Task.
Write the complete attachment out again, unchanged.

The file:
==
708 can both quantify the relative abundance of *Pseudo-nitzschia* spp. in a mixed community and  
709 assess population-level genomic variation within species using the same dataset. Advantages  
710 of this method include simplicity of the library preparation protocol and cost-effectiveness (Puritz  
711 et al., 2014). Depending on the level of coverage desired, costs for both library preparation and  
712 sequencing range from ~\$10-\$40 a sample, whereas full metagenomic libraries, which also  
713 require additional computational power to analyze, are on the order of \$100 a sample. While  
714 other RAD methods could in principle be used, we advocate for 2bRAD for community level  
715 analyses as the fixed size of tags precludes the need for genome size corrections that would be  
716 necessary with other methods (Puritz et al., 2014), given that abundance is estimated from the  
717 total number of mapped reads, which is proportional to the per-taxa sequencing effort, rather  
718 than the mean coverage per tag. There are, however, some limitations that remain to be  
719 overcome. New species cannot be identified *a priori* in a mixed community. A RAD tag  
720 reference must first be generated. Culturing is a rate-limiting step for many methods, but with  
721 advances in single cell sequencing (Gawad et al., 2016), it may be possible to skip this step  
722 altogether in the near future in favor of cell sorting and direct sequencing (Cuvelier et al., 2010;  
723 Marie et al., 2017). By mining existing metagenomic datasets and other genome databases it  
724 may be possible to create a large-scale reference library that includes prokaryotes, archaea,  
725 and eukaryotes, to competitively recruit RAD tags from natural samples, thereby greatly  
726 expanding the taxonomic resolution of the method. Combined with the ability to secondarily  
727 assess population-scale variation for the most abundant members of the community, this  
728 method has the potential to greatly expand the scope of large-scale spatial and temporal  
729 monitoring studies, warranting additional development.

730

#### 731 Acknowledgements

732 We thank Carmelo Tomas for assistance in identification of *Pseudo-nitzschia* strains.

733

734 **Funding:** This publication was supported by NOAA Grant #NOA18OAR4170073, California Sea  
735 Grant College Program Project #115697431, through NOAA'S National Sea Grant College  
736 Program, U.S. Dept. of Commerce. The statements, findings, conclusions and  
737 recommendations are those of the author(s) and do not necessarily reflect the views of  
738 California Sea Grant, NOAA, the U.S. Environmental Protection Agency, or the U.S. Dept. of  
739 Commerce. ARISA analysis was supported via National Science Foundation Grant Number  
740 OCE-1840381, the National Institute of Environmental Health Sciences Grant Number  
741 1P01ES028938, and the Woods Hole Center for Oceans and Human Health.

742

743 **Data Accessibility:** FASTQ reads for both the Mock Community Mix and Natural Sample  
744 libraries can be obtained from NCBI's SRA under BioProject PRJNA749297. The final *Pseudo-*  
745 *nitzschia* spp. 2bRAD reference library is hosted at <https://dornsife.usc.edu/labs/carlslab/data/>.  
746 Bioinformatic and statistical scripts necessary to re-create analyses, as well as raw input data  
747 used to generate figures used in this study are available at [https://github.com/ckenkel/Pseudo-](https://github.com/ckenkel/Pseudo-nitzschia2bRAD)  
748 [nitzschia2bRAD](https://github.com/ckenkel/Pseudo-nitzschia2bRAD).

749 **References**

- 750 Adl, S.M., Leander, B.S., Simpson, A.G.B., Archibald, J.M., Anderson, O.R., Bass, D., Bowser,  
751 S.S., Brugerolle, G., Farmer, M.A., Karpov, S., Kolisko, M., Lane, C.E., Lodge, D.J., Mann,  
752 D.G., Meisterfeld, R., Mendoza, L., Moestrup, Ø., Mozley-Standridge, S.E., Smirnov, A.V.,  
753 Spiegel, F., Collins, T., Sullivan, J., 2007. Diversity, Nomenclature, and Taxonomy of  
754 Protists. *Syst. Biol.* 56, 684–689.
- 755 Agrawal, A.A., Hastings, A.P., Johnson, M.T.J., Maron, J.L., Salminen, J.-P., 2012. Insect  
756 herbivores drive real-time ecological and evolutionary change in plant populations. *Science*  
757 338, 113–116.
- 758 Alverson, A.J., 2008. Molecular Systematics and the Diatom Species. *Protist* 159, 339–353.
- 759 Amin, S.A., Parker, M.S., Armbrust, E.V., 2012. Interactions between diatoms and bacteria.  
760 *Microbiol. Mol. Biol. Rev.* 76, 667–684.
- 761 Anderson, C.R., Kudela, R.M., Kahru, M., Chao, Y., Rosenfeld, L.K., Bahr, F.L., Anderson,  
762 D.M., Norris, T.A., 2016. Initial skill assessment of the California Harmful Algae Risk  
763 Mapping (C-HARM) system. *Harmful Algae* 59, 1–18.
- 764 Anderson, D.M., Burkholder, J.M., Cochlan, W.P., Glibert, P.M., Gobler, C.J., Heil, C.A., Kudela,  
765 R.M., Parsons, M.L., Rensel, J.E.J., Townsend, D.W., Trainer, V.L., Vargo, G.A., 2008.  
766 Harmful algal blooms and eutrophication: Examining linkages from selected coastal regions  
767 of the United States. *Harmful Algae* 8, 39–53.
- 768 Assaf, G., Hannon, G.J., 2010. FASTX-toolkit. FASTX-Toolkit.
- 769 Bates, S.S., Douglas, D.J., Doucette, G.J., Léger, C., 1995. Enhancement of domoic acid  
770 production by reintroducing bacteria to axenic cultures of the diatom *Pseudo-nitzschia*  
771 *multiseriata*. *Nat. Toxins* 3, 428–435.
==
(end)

708 can both quantify the relative abundance of *Pseudo-nitzschia* spp. in a mixed community and  
709 assess population-level genomic variation within species using the same dataset. Advantages  
710 of this method include simplicity of the library preparation protocol and cost-effectiveness (Puritz  
711 et al., 2014). Depending on the level of coverage desired, costs for both library preparation and  
712 sequencing range from ~\$10-\$40 a sample, whereas full metagenomic libraries, which also  
713 require additional computational power to analyze, are on the order of \$100 a sample. While  
714 other RAD methods could in principle be used, we advocate for 2bRAD for community level  
715 analyses as the fixed size of tags precludes the need for genome size corrections that would be  
716 necessary with other methods (Puritz et al., 2014), given that abundance is estimated from the  
717 total number of mapped reads, which is proportional to the per-taxa sequencing effort, rather  
718 than the mean coverage per tag. There are, however, some limitations that remain to be  
719 overcome. New species cannot be identified *a priori* in a mixed community. A RAD tag  
720 reference must first be generated. Culturing is a rate-limiting step for many methods, but with  
721 advances in single cell sequencing (Gawad et al., 2016), it may be possible to skip this step  
722 altogether in the near future in favor of cell sorting and direct sequencing (Cuvelier et al., 2010;  
723 Marie et al., 2017). By mining existing metagenomic datasets and other genome databases it  
724 may be possible to create a large-scale reference library that includes prokaryotes, archaea,  
725 and eukaryotes, to competitively recruit RAD tags from natural samples, thereby greatly  
726 expanding the taxonomic resolution of the method. Combined with the ability to secondarily  
727 assess population-scale variation for the most abundant members of the community, this  
728 method has the potential to greatly expand the scope of large-scale spatial and temporal  
729 monitoring studies, warranting additional development.

730

#### 731 Acknowledgements

732 We thank Carmelo Tomas for assistance in identification of *Pseudo-nitzschia* strains.

733

734 **Funding:** This publication was supported by NOAA Grant #NOA18OAR4170073, California Sea  
735 Grant College Program Project #115697431, through NOAA'S National Sea Grant College  
736 Program, U.S. Dept. of Commerce. The statements, findings, conclusions and  
737 recommendations are those of the author(s) and do not necessarily reflect the views of  
738 California Sea Grant, NOAA, the U.S. Environmental Protection Agency, or the U.S. Dept. of  
739 Commerce. ARISA analysis was supported via National Science Foundation Grant Number  
740 OCE-1840381, the National Institute of Environmental Health Sciences Grant Number  
741 1P01ES028938, and the Woods Hole Center for Oceans and Human Health.

742

743 **Data Accessibility:** FASTQ reads for both the Mock Community Mix and Natural Sample  
744 libraries can be obtained from NCBI's SRA under BioProject PRJNA749297. The final *Pseudo-*  
745 *nitzschia* spp. 2bRAD reference library is hosted at <https://dornsife.usc.edu/labs/carlslab/data/>.  
746 Bioinformatic and statistical scripts necessary to re-create analyses, as well as raw input data  
747 used to generate figures used in this study are available at [https://github.com/ckenkel/Pseudo-](https://github.com/ckenkel/Pseudo-nitzschia2bRAD)  
748 [nitzschia2bRAD](https://github.com/ckenkel/Pseudo-nitzschia2bRAD).

749 **References**

- 750 Adl, S.M., Leander, B.S., Simpson, A.G.B., Archibald, J.M., Anderson, O.R., Bass, D., Bowser,  
751 S.S., Brugerolle, G., Farmer, M.A., Karpov, S., Kolisko, M., Lane, C.E., Lodge, D.J., Mann,  
752 D.G., Meisterfeld, R., Mendoza, L., Moestrup, Ø., Mozley-Standridge, S.E., Smirnov, A.V.,  
753 Spiegel, F., Collins, T., Sullivan, J., 2007. Diversity, Nomenclature, and Taxonomy of  
754 Protists. *Syst. Biol.* 56, 684–689.
- 755 Agrawal, A.A., Hastings, A.P., Johnson, M.T.J., Maron, J.L., Salminen, J.-P., 2012. Insect  
756 herbivores drive real-time ecological and evolutionary change in plant populations. *Science*  
757 338, 113–116.
- 758 Alverson, A.J., 2008. Molecular Systematics and the Diatom Species. *Protist* 159, 339–353.
- 759 Amin, S.A., Parker, M.S., Armbrust, E.V., 2012. Interactions between diatoms and bacteria.  
760 *Microbiol. Mol. Biol. Rev.* 76, 667–684.
- 761 Anderson, C.R., Kudela, R.M., Kahru, M., Chao, Y., Rosenfeld, L.K., Bahr, F.L., Anderson,  
762 D.M., Norris, T.A., 2016. Initial skill assessment of the California Harmful Algae Risk  
763 Mapping (C-HARM) system. *Harmful Algae* 59, 1–18.
- 764 Anderson, D.M., Burkholder, J.M., Cochlan, W.P., Glibert, P.M., Gobler, C.J., Heil, C.A., Kudela,  
765 R.M., Parsons, M.L., Rensel, J.E.J., Townsend, D.W., Trainer, V.L., Vargo, G.A., 2008.  
766 Harmful algal blooms and eutrophication: Examining linkages from selected coastal regions  
767 of the United States. *Harmful Algae* 8, 39–53.
- 768 Assaf, G., Hannon, G.J., 2010. FASTX-toolkit. FASTX-Toolkit.
- 769 Bates, S.S., Douglas, D.J., Doucette, G.J., Léger, C., 1995. Enhancement of domoic acid  
770 production by reintroducing bacteria to axenic cultures of the diatom *Pseudo-nitzschia*  
771 *multiseriata*. *Nat. Toxins* 3, 428–435.